You will know from our blogs that many members of our personal injury and medical negligence teams are sporty types, with cycling and horse-riding being up there as favourites.

John Knight - Head of Cycling Claims at Ringrose Law

John Knight – Head of Cycling Claims at Ringrose Law

But the problem both types of rider face is having safe spaces in which to carry out those activities.  The roads are becoming very dangerous for both.  They are classed as “vulnerable” road users and the recently published new Highway Code reflects and emphasises that with its “hierarchy” of vulnerability.

Sometimes even a fairly short road distance between the starting point and a safe and pleasant place to ride is just too risky.  Thus, the numbers able to take part in what are actually very desirable activities are dwindling, though paradoxically, both would love to do more.

The government is quite rightly concerned about the increasing numbers of obese children and adults, which can lead to all sorts of health problems and pressure on the NHS, at a time when it doesn’t need it.  The pandemic showed us that people ARE interested in mental health, well-being and the environment and how important getting out and about is in maintaining these.

Exercise can certainly help, but how to do it safely? The infra-structure is just not there.

Well, one thing that can be done is you could sign up to a petition calling for the de-restriction of footpaths, off-road cycle routes and bridleways, as promoted by the Yorkshire Post newspaper this week.  The idea is to promote such routes being turned into “public rights of way” open to all including cyclists, horse-riders and pedestrians, thus increasing access to the countryside, or indeed cycling to work and school, in a safe and sustainable way.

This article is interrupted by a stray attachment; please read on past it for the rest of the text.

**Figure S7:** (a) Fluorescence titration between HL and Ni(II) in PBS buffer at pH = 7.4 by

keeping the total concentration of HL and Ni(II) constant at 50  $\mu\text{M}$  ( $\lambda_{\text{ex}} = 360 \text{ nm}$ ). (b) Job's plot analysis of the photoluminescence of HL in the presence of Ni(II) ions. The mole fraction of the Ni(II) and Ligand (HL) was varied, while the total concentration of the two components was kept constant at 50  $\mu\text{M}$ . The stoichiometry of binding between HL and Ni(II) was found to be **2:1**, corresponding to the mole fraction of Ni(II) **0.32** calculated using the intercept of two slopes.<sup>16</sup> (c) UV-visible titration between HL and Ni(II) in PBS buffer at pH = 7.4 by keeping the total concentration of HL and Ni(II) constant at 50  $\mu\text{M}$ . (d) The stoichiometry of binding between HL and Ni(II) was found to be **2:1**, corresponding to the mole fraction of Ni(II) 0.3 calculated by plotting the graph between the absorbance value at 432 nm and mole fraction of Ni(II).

We are not saying this wouldn’t be without its initial problems.  The various groups would have to respect each other’s restrictions-horses can be frightened by cyclists speeding past and pedestrians don’t really want several tons of horse galloping past them at some speed.  Dogs would need to be kept under control and land use and animals respected. Landowners will probably have their objections to an increase in the number and type of “traffic” on their land.  But if the will is there, solutions can surely be found?

As the Yorkshire Post’s Editor, Sophie McCandlish says:

      “Responsibility has to be taken and the Countryside Code promoted and adhered to as strictly as the Highway Code.  Everyone who uses the countryside has a duty of care to the landscape, the animals and the people who live and  work in it”

We have to remember that for many, what seems to us “just a field” is in fact their “office” or “creative space” or “manufacturing workshop”.  It’s not a free for all playground.

But it could be done- Scotland has its Right To Roam and that seems to work well. The government seems interested, because in February this year, it scrapped the cut- off date for registering rights of way on the “definitive map”.  Had they not done so, then many ancient and re-discovered  rights of way would have been lost forever by not being included.

The petition is here:

It will run for 6 months, with a closing date of 21 September 2022.

Why are we asking people to do this?

Well, apart from it seeming a good idea, a petition needs 10,000 signatures before the government is required to formally “respond”.  If the number of signatures reaches 100,000, then the petition can be debated in Parliament.

So numbers and signatures are crucial.

It is not something likely to happen overnight, but we should be looking to the future and for the generations to come, so they can benefit. Even if it just raises awareness of the idea and the issue, it will be a step in the right direction (excuse the intentional pun….)

How can we help?

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